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Author Archive: rebeccardarley
Council has been aware for some time that the Society’s Bye-Laws, last updated in 2006, were in need of further revision. Our AGM in June approved a revised version of the bye-laws and on 13 August we received confirmation that these had been approved by the Privy Council, no less.
The main changes are intended to reflect the current way in which new fellows are elected and to give the Council greater flexibility in the when and how often we hold council and ordinary meetings, while also giving the Society’s membership a greater opportunity to be involved in electing officers and council members at the AGM, bringing them into line with best practice as laid down by the Charity Commission.
In particular, the new bye-laws will:
- simplify the method for recruiting new Fellows and bring it into line with current practice, as formal elections are no longer held;
- bring in simplified way for recruiting young and student Fellows at a reduced subscription;
- mean that Council will not need to meet ten times a year and will give Council flexibility over the frequency of these meetings;
- give Council flexibility over the frequency and timing of Ordinary meetings;
- bring the procedure for examining the Society’s accounts into line with Charity Commission guidelines;
- give greater flexibility over the roles of the Society’s officers;
- modify the procedures for electing Council at the AGM in line with the Charity Commission’s best practice.
On 18th June at 6pm the Society will hold its Annual General Meeting at Spinks. This will be followed by a lecture, presented by Society President, Dr Roger Bland. Following the lecture, all Society members and attendees are warmly invited to the Society’s summer party.
The President’s lecture will be on the topic:
Problems in Ancient Numismatics I: Die-studies versus coin finds: how to estimate the size of a coinage
The data from coin hoards and single finds have long been used by numismatists to determine the relative size of coin types within an issue or over a longer period such as an emperor’s reign, while die-studies have been used as a way of quantifying the absolute size of a coinage. This paper will look at the limitations of these two methods and the different types of information that can be obtained from them and an example of using the two methods to quantify the same coinage.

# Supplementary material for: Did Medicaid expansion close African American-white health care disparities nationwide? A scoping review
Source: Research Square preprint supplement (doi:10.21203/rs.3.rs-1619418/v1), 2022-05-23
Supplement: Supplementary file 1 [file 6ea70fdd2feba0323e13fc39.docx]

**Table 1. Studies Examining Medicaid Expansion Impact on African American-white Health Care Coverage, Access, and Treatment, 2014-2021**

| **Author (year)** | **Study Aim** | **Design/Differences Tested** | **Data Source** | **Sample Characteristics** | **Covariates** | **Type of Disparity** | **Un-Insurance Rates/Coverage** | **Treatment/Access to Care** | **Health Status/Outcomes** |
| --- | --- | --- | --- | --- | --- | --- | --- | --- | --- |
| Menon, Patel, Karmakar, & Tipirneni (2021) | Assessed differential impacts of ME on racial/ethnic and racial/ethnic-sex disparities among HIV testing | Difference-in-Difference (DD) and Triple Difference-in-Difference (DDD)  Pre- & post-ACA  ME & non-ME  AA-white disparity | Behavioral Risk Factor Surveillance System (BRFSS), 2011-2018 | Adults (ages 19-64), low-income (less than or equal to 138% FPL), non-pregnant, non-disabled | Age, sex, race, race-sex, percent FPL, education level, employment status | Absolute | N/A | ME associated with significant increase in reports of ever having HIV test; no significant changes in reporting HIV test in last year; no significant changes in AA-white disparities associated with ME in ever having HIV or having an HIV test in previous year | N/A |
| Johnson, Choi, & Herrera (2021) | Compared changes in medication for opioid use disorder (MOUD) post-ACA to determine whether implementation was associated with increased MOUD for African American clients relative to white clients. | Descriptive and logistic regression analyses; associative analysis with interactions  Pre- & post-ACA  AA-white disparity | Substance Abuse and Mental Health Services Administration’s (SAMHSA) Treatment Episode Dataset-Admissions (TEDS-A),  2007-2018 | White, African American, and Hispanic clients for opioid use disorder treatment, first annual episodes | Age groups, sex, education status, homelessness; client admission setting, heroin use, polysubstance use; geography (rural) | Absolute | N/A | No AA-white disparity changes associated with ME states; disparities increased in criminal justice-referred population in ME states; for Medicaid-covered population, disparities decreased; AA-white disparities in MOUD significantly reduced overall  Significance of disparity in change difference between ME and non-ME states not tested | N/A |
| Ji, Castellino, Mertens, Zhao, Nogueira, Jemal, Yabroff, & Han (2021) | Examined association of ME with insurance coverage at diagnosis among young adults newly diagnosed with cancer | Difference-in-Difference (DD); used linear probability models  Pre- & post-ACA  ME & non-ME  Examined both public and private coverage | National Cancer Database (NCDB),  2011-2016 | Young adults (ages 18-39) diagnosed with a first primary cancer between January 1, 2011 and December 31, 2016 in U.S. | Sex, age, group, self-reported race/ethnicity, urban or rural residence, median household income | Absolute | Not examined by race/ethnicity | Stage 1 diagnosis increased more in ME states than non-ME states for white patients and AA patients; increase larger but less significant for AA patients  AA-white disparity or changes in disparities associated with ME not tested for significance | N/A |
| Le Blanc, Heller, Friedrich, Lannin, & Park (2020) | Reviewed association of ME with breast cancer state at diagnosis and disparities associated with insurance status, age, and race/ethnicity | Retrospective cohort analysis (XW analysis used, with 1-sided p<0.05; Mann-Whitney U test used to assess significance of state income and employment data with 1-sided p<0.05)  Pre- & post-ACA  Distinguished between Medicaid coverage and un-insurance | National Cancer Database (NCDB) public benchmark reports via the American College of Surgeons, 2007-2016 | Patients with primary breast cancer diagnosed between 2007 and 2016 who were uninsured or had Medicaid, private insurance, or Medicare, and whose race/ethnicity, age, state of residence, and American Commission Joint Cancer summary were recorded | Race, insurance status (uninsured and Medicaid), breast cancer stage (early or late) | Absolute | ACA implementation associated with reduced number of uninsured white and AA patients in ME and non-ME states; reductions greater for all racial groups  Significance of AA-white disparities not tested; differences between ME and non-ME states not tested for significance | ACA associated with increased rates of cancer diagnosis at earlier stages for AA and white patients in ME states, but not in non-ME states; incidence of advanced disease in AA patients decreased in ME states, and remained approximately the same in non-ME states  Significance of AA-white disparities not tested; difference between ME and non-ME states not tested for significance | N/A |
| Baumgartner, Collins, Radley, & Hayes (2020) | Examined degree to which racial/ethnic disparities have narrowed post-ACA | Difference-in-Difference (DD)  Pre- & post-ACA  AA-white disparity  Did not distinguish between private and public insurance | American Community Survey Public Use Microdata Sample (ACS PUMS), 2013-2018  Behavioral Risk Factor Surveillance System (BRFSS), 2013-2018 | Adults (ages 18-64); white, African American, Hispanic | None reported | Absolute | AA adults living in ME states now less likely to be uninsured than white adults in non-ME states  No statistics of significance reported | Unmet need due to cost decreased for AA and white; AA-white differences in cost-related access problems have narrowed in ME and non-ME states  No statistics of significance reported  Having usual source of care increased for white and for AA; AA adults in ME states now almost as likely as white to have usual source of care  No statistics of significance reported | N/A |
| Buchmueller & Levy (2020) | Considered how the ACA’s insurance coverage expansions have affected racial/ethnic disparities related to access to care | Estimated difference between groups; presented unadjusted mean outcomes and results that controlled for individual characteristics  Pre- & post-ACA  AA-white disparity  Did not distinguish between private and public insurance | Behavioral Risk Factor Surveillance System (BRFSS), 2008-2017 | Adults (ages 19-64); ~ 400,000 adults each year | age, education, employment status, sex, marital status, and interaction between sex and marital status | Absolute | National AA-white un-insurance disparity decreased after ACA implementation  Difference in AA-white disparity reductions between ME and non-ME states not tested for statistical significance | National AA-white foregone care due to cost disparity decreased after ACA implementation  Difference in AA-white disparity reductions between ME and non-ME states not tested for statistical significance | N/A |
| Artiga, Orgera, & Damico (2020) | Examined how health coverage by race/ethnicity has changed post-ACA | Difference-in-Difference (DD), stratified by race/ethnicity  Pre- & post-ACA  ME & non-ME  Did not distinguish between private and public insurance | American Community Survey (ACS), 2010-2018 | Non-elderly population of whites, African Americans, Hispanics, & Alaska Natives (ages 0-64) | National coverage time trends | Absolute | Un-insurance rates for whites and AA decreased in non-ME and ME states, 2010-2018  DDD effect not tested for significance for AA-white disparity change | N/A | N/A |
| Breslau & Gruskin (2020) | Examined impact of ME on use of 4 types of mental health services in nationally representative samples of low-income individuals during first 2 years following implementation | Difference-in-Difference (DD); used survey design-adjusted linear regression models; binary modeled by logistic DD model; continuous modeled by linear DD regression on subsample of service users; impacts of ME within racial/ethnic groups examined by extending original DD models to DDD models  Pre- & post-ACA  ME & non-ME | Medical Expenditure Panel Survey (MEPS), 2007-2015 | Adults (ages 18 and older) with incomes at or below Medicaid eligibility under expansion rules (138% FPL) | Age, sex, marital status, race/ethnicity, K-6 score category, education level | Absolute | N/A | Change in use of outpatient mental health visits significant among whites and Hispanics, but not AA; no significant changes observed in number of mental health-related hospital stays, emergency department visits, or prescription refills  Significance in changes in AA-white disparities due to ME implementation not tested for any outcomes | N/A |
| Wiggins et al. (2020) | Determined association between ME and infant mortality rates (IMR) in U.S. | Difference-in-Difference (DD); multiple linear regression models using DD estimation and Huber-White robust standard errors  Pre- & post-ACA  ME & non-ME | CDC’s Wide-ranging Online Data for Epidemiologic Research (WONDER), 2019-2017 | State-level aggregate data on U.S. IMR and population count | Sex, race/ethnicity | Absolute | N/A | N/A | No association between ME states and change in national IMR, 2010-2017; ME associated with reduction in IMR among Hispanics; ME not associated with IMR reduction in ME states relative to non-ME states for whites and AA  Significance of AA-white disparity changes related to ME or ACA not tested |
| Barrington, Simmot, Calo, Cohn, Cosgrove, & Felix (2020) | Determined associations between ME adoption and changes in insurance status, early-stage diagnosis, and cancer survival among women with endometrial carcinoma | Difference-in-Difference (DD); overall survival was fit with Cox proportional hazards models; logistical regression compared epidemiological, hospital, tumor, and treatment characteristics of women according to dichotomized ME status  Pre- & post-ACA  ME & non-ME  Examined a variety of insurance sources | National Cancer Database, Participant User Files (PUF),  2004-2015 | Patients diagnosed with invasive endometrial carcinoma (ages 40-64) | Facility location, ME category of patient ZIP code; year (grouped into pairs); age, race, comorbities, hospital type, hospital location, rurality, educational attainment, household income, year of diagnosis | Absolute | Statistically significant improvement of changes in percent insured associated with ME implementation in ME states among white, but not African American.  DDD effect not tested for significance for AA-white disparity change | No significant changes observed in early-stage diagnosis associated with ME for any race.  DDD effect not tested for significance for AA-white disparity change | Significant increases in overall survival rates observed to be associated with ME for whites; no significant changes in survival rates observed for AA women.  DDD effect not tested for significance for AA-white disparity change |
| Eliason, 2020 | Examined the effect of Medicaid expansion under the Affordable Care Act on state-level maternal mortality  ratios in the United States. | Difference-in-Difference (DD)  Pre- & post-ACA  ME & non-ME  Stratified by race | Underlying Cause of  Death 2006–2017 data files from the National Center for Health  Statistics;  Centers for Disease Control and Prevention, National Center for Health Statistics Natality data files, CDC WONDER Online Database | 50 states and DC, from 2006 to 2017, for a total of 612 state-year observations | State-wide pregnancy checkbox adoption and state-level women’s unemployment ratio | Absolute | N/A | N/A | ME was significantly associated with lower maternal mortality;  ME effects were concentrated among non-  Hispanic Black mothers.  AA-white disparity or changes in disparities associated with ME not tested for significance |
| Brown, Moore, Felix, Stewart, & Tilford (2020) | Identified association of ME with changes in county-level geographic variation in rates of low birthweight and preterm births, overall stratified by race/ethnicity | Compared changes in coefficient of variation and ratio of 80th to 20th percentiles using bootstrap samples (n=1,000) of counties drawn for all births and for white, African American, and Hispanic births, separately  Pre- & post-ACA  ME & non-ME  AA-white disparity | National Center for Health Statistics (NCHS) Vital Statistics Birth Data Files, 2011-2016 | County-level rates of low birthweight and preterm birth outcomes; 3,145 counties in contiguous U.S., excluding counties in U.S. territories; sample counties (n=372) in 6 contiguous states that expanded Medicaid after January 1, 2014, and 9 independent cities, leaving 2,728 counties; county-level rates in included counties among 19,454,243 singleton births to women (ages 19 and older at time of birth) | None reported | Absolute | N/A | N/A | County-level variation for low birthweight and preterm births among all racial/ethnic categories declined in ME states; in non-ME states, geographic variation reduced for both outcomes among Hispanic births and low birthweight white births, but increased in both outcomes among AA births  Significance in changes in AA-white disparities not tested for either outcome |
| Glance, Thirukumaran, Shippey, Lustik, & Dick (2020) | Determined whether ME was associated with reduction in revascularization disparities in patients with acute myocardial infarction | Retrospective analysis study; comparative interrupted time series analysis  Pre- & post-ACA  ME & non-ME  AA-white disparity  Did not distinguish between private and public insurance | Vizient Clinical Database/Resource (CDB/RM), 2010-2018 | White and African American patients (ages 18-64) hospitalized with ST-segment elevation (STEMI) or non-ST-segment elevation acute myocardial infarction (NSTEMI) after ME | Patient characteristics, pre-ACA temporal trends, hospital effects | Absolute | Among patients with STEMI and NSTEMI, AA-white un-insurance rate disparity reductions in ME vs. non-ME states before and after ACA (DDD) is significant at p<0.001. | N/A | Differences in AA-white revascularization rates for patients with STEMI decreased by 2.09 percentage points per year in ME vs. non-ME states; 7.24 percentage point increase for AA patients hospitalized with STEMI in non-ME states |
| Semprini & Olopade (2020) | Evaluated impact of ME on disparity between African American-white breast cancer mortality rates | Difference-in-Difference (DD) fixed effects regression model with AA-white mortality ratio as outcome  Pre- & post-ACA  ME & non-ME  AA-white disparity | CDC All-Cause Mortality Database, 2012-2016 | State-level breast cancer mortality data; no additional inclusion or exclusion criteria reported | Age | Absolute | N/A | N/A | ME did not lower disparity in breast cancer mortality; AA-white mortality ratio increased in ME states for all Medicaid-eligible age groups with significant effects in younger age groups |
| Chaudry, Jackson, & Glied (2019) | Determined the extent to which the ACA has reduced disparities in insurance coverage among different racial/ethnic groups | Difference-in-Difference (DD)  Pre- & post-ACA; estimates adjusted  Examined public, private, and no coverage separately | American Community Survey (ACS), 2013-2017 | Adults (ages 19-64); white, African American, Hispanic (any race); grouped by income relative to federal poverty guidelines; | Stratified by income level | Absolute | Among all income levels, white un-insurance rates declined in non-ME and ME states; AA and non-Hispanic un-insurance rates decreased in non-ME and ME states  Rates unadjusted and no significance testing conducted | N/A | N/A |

Society Lecture, 21st May: Tracing loot: the fate of European coins in Viking hands in the ninth century
On Tuesday 21st May at 6pm Dr Jane Kershaw, Leverhulme Early Career Research Fellow, Institute of Archaeology, University of Oxford, will present a lecture to the Society at the Warburg Institute.
Abstract:Written sources indicate that huge numbers of coins were seized by Vikings during their raids on the Continent during the ninth century. Yet remarkably few Carolingian coins survive within the Scandinavian homelands. Do the written sources exaggerate the amount of wealth seized, or did the Vikings take this wealth with them to their new Western settlements, melting down coinage into ingots and rings? In this talk, I discuss recent results of archaeometric analysis which allows us the trace the fate of Carolingian coins for the first time.
Society Lecture, 16th April: “So rare, so barbarous, so little known”: Revisiting the coinage of Crusader Edessa
On Tuesday 16th April at 6pm Dr Richard Kelleher of the Fitzwilliam Museum, Cambridge, will present a lecture to the Society at the Warburg Institute.
Abstract: The County of Edessa is probably the least known of the four mainland Crusader states established in the wake of the First Crusade (1095-1099). It was the first state to be established and the first to be annihilated in 1144. Despite its short existence copper coins, showing Byzantine, Islamic and Norman influence were struck at Edessa under its four counts and their regents.
It has been more than 40 years since John Porteous published his seminal article on the crusader coins of Edessa in the Numismatic Chronicle. This work outlined the chronological arrangement of the heavy types of follis attributed to Edessa through studying the complex, and occasionally baffling, sequence of overstrikes seen on many coins. Porteous gave us the relative sequence in use today and updated the arrangement devised, more than a century ago, by the eminent French numismatist and scholar Gustave Schlumberger in his classic Numismatique de l’Orient Latin.
Since the publication of Porteous’s work there has been four decades of new coins coming through the trade. Bringing together material from museum collections in Europe and America and from auctions and sales, this paper will evaluate the full sequence of heavy and light Edessene folles and offer some opinions on the chronology and identity of some of the more enigmatic pieces, which have hitherto been known from just one or two specimens.